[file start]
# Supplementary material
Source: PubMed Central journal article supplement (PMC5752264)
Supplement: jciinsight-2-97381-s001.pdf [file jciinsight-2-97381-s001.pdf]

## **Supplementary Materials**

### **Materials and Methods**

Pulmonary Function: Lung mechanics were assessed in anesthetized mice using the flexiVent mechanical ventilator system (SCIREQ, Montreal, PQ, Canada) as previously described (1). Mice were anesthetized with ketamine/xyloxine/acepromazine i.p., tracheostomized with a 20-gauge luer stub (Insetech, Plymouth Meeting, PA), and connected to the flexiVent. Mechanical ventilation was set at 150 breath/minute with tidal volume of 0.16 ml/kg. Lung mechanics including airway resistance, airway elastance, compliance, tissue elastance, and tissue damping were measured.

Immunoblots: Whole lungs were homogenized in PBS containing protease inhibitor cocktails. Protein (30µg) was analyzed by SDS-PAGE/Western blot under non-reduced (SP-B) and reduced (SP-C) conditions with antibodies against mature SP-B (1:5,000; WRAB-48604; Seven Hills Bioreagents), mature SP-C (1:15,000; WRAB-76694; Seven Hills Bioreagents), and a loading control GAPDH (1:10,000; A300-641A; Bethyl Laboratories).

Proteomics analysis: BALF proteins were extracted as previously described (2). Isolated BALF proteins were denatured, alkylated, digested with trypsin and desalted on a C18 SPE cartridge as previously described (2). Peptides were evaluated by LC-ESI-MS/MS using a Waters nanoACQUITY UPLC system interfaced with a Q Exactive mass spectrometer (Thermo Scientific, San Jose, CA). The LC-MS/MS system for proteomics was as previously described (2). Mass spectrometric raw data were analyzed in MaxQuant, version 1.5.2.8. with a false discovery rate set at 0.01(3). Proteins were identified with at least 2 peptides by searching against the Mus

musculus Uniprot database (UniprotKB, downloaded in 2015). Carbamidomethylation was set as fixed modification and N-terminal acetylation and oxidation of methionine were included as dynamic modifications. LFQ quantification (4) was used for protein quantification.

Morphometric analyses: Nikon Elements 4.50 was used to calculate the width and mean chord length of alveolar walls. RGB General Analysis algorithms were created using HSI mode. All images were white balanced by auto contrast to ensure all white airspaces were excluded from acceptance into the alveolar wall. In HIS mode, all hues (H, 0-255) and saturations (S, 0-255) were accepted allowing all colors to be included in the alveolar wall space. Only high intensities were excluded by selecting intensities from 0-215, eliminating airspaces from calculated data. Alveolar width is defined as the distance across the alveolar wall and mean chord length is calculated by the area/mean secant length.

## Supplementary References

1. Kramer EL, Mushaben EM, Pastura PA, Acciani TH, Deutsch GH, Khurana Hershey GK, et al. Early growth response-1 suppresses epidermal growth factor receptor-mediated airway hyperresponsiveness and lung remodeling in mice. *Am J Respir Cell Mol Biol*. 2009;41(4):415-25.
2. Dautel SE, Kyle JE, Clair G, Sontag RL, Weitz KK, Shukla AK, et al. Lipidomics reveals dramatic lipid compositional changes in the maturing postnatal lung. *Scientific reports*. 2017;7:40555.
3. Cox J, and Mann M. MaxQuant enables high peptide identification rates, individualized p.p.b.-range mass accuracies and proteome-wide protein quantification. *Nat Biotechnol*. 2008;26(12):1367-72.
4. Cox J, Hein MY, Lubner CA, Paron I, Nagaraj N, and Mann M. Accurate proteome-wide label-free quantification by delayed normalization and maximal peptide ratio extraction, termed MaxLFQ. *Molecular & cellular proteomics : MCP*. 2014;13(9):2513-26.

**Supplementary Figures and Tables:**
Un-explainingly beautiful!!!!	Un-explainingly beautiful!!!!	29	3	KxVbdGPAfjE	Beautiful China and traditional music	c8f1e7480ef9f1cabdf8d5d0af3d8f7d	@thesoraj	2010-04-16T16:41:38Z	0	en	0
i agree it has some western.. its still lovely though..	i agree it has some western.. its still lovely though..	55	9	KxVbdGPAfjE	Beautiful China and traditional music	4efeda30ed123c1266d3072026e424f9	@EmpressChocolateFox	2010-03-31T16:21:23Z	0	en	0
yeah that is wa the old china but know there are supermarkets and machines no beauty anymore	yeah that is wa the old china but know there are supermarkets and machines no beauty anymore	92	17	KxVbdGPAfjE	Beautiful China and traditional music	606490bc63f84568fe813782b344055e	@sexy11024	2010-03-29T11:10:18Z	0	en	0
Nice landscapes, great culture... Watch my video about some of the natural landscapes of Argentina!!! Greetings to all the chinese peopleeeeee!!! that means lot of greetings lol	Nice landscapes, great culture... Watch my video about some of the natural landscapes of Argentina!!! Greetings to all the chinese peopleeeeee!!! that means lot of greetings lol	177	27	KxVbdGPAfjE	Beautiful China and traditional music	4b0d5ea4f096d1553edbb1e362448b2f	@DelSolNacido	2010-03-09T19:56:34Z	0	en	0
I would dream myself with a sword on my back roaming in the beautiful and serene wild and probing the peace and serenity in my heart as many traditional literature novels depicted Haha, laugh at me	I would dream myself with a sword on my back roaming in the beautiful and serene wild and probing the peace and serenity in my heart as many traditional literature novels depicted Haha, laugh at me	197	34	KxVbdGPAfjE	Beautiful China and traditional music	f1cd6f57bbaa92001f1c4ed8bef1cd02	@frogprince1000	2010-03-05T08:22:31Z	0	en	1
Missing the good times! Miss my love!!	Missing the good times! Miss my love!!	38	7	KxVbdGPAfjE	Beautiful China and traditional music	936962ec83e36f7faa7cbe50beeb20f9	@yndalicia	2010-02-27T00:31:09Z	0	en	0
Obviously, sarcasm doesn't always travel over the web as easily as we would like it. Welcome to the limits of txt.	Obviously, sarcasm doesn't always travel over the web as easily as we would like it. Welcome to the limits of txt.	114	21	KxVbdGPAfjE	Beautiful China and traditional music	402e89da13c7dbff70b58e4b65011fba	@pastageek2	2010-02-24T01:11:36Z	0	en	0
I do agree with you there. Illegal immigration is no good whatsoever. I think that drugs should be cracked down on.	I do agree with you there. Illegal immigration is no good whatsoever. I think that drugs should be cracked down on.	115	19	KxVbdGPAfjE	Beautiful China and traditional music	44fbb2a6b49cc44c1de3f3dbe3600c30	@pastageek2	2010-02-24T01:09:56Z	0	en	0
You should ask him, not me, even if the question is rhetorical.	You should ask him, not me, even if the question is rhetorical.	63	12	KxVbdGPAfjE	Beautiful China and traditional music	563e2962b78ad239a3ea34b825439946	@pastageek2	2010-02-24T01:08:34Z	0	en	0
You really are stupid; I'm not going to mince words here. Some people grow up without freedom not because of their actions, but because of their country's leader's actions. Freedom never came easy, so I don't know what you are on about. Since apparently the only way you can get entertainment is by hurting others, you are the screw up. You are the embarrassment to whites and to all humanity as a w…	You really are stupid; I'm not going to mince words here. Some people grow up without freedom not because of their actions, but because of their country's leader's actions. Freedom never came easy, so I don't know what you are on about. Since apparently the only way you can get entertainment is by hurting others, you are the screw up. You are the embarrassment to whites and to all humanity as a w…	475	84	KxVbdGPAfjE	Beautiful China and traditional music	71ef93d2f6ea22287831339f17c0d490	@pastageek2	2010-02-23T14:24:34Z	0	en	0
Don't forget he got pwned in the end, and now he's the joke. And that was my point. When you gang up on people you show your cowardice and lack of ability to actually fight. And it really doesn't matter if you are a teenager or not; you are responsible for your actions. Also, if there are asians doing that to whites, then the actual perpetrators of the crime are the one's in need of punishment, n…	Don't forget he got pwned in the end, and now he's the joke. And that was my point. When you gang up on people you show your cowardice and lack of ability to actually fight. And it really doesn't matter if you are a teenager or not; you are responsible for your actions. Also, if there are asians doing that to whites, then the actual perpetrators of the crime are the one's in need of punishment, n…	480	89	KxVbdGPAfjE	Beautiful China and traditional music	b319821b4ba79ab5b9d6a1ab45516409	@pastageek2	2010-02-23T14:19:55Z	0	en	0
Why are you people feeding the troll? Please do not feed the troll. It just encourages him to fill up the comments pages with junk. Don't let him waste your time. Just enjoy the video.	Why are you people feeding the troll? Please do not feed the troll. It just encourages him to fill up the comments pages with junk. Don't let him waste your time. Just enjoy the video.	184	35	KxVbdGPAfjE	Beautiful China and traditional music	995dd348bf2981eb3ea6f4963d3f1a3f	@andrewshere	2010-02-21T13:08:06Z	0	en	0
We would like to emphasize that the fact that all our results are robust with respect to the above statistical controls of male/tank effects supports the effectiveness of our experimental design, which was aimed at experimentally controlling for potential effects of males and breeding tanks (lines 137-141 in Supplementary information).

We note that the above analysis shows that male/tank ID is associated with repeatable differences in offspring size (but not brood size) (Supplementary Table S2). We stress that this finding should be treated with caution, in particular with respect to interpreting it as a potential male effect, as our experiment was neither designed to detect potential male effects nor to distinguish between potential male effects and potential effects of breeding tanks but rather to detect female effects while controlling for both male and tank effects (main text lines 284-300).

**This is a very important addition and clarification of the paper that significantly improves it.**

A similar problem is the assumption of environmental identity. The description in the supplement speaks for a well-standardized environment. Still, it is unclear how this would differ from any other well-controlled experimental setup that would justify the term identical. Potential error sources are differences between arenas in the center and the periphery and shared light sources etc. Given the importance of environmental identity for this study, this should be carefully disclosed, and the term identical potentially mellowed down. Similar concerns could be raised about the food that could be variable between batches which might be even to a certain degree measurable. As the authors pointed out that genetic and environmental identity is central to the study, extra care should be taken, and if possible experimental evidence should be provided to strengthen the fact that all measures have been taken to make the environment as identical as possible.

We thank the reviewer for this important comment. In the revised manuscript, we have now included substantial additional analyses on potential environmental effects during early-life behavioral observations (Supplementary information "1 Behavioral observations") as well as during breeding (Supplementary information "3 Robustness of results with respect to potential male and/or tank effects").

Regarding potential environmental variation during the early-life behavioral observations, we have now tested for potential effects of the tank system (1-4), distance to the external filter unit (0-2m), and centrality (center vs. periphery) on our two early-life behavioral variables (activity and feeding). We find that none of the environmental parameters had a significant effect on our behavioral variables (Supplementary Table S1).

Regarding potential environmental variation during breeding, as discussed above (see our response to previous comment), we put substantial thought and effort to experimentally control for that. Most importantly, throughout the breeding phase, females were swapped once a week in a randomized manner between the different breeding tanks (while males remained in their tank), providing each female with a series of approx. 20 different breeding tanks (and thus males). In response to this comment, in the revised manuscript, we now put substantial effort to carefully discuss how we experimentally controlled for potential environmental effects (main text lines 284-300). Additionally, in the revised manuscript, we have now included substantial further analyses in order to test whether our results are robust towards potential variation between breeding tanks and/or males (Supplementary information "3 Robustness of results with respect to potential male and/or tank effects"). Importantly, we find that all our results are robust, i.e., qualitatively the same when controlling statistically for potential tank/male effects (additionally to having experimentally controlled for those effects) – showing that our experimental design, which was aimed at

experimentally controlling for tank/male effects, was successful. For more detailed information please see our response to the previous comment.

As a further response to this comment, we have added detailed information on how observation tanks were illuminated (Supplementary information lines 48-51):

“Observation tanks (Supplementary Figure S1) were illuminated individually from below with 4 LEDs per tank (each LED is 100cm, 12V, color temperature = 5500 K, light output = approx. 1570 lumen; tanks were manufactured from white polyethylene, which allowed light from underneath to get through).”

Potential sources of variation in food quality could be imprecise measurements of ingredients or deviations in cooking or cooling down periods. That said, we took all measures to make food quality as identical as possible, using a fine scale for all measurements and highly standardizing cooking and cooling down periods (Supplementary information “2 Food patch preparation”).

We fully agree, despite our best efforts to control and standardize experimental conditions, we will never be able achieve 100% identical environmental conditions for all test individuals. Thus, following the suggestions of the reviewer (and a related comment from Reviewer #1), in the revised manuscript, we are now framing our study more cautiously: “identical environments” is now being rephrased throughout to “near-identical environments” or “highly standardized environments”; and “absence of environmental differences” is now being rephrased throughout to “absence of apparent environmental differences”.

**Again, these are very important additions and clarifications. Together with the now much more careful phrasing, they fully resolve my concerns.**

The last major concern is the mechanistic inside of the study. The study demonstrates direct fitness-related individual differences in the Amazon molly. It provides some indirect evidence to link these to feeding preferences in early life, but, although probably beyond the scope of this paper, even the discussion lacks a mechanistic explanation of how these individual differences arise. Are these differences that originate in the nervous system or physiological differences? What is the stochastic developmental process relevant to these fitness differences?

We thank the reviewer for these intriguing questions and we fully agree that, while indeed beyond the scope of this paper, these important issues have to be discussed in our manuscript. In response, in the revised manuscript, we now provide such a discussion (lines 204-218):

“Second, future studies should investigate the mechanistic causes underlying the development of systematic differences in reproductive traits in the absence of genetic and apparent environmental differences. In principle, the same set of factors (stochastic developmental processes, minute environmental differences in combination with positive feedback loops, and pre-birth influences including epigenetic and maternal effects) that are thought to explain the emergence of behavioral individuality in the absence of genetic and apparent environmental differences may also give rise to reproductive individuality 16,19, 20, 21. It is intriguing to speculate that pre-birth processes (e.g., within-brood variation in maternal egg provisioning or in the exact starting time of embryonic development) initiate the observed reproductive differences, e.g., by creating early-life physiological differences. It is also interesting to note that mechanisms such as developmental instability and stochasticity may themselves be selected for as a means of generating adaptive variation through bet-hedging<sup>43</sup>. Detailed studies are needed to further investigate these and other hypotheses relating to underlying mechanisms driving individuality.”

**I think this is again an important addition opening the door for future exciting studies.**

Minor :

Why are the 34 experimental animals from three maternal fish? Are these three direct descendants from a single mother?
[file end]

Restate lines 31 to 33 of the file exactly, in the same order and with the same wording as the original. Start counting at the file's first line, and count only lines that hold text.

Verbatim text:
**This is a very important addition and clarification of the paper that significantly improves it.**

A similar problem is the assumption of environmental identity. The description in the supplement speaks for a well-standardized environment. Still, it is unclear how this would differ from any other well-controlled experimental setup that would justify the term identical. Potential error sources are differences between arenas in the center and the periphery and shared light sources etc. Given the importance of environmental identity for this study, this should be carefully disclosed, and the term identical potentially mellowed down. Similar concerns could be raised about the food that could be variable between batches which might be even to a certain degree measurable. As the authors pointed out that genetic and environmental identity is central to the study, extra care should be taken, and if possible experimental evidence should be provided to strengthen the fact that all measures have been taken to make the environment as identical as possible.

We thank the reviewer for this important comment. In the revised manuscript, we have now included substantial additional analyses on potential environmental effects during early-life behavioral observations (Supplementary information "1 Behavioral observations") as well as during breeding (Supplementary information "3 Robustness of results with respect to potential male and/or tank effects").